Huza Press (Kigali) and Authors.Café (Devon) are thrilled to announce the first event in a new collaborative literary programme featuring book launches and creative writing workshops.
Yolande Mukagasana will be in conversation with Zoe Norridge and Kristen Stern about the process of writing and translating her powerful testimony Not My Time to Die.
Not My Time to Die was the first Rwandan-authored literary testimony of the Genocide against the Tutsi in Rwanda published in French in 1997 and now available in English for the first time.
Accessing the event
Date: Saturday 15 May, 2021
Time: 3pm (UK)
Book via Eventbrite and the zoom link will be sent to you 48 hours before the event.
About Not My Time to Die
‘This book was one of the first literary testimonies that I read in French about Rwanda. I found it profoundly moving — both realistic and introspective. Thanks to this beautiful translation, it is at long last available to the English-speaking public.’ Véronique Tadjo
Yolande Mukagasana is a Rwandan nurse and mother of three children who likes wearing jeans and designer glasses. She runs her own clinic in Nyamirambo and is planning a party for her wedding anniversary. But when genocide starts everything changes. Targeted because she’s a successful woman and a Tutsi, she flees for her life.
This gripping memoir describes the betrayal of friends and help that comes from surprising places. Quick-witted and courageous, Yolande never loses hope she will find her children alive.
‘Reading Yolande Mukagasana’s book in French at the age of fifteen changed my life. I realized that genocide is not a mass crime but a single murder repeated hundreds of thousands of times. With this testimony the genocide is no longer just a historical event, it is instead the story of a woman, a mother, a Tutsi. And this is what makes Yolande’s account universal.’ Gaël Faye
About Yolande Mukagasana
Yolande Mukagasana is a renowned Rwandan writer, public figure and campaigner for the remembrance of the 1994 genocide against the Tutsi. She has authored four books about genocide and its aftermath, performed her testimony in the iconic Rwanda 94 touring theatre production and has received numerous international prizes for her work, including the Alexander Langer Foundation Prize for Testimony and Solidarity, the American Jewish Committee Moral Courage Award and an Honourable Mention for the UNESCO Education for Peace Prize. Her first book, La mort ne veut pas de moi, has been translated into Italian, Turkish, Norwegian, Danish, Dutch, Hebrew and now English. The book is available from Bookshop.org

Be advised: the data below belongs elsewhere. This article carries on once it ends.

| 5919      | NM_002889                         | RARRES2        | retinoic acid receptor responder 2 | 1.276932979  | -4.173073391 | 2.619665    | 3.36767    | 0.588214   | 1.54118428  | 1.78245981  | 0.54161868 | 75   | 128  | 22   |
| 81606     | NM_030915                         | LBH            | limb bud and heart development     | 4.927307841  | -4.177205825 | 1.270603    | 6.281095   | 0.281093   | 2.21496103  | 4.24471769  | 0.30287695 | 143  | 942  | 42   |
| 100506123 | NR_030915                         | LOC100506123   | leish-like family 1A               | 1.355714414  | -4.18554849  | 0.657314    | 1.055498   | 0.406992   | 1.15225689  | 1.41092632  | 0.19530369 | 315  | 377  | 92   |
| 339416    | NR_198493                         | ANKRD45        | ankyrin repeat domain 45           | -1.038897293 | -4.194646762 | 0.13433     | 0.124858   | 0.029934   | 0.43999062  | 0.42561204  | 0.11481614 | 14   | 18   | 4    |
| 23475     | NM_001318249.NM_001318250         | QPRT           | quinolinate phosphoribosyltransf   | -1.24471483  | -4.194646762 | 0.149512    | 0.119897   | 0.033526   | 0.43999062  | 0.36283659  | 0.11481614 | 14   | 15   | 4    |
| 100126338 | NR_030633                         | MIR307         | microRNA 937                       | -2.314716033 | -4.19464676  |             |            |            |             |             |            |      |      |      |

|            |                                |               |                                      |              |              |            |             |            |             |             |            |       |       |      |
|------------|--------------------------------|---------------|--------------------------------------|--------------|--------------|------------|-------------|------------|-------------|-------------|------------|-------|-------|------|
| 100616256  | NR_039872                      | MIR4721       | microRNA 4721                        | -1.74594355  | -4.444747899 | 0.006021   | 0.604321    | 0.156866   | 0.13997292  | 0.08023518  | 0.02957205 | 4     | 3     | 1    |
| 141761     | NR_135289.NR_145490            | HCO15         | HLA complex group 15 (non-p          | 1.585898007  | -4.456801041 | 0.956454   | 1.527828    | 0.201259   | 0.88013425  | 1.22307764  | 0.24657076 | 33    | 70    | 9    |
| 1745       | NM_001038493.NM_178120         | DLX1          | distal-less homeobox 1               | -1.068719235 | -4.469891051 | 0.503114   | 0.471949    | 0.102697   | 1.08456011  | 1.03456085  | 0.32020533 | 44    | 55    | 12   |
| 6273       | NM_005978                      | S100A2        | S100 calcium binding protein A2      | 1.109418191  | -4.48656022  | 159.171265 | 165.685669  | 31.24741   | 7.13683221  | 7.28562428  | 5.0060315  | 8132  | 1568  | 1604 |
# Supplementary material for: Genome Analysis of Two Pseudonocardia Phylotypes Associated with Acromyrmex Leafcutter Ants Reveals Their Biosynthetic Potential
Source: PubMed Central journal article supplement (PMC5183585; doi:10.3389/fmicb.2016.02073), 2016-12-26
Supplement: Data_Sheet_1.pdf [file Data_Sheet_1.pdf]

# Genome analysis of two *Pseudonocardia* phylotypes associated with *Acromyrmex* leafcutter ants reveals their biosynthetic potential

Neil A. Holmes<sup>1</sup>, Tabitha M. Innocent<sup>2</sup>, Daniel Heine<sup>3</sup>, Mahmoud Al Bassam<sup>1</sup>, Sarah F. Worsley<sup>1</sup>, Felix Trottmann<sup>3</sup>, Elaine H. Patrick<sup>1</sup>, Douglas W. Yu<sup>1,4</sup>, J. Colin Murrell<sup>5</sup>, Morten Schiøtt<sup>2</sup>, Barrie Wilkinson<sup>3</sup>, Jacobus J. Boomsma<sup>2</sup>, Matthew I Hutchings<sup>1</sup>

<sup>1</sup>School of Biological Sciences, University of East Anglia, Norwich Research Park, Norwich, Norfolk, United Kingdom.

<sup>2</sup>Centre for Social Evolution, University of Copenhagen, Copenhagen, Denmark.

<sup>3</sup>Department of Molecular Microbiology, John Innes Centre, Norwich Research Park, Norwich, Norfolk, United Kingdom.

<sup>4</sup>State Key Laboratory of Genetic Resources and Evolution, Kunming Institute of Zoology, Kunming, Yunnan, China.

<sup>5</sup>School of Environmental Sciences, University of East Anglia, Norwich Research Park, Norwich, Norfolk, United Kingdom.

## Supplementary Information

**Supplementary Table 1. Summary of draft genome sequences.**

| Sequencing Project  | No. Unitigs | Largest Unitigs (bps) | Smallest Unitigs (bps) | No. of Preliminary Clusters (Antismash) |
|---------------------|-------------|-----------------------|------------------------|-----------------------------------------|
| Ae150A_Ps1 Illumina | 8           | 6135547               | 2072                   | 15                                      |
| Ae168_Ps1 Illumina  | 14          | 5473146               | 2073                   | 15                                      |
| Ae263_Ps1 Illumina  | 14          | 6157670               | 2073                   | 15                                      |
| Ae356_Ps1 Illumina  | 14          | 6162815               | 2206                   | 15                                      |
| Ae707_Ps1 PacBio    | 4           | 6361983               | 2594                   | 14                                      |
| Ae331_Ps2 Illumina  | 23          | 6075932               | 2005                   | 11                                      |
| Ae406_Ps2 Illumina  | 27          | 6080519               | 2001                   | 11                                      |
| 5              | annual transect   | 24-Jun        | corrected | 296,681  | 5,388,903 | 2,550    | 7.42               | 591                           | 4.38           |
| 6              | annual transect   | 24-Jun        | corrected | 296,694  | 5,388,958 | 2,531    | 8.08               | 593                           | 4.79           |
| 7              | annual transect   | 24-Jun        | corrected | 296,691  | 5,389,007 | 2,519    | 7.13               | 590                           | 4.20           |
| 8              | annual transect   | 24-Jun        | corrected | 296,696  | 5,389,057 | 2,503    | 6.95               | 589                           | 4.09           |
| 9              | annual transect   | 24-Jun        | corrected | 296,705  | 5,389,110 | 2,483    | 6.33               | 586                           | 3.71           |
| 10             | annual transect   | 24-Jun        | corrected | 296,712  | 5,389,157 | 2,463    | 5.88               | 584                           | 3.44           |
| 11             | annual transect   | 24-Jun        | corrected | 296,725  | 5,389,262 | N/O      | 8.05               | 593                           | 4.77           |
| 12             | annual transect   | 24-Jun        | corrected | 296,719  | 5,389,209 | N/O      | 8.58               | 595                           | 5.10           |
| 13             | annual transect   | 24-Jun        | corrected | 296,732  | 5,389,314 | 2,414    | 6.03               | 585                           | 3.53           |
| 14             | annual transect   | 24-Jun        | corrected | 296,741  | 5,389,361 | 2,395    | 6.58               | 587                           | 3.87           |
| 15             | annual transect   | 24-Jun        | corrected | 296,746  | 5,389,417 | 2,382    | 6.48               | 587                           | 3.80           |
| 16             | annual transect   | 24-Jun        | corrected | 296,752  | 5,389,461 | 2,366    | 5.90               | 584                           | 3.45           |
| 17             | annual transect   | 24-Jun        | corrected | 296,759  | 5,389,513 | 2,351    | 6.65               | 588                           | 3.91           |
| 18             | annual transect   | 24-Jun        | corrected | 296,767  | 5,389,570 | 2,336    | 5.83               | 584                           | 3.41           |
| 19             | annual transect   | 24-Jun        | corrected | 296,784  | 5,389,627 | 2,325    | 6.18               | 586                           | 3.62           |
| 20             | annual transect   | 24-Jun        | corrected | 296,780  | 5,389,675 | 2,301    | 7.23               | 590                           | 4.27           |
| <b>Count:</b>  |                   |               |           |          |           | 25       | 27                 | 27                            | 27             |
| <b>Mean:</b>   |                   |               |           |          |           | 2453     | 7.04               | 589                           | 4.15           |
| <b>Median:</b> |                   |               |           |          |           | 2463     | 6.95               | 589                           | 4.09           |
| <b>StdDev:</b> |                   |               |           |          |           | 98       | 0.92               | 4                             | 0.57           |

About Zoe Norridge
Zoe Norridge is the translator of Not My Time to Die and a Senior Lecturer in African and Comparative Literature at King’s College London. She researches cultural responses to the genocide against the Tutsi in Rwanda, collaborates with Rwandan artists and genocide educators, appears on radio discussing the arts in Rwanda and is Chair of the Ishami Foundation.
About Kristen Stern
Kristen Stern is Assistant Professor in Francophone Studies at the University of Massachusetts Lowell. She is at work on a book on contemporary francophone writers from the African continent and the performance of authorship. She regularly presents and publishes on contemporary African literature in French, performance studies, and the sociology of the author. She received her Ph.D. from Boston University.
About Huza Press
Huza Press is an independent publishing house based in Kigali committed to the production and dissemination of knowledge through literature in Africa. We publish poetry, fiction and non-fiction, as well as working to support Rwandan writers through workshops and literary prizes. We are committed to building a sustainable list of the best contemporary African writing, and working to make this widely available in East Africa, across the continent and beyond. Huza Press is passionate about not only publishing and distributing books but also about starting conversations around African literature, building publishing infrastructures and reading communities.
This event is part of the African Literary Production: Networks & Exchanges series which is being launched through Exeter’s UNESCO City of Literature Programme.
Authors.Cafe and Huza Press’s new collaborative literary programme is part funded by British Council Literature’s Working Internationally grant programme.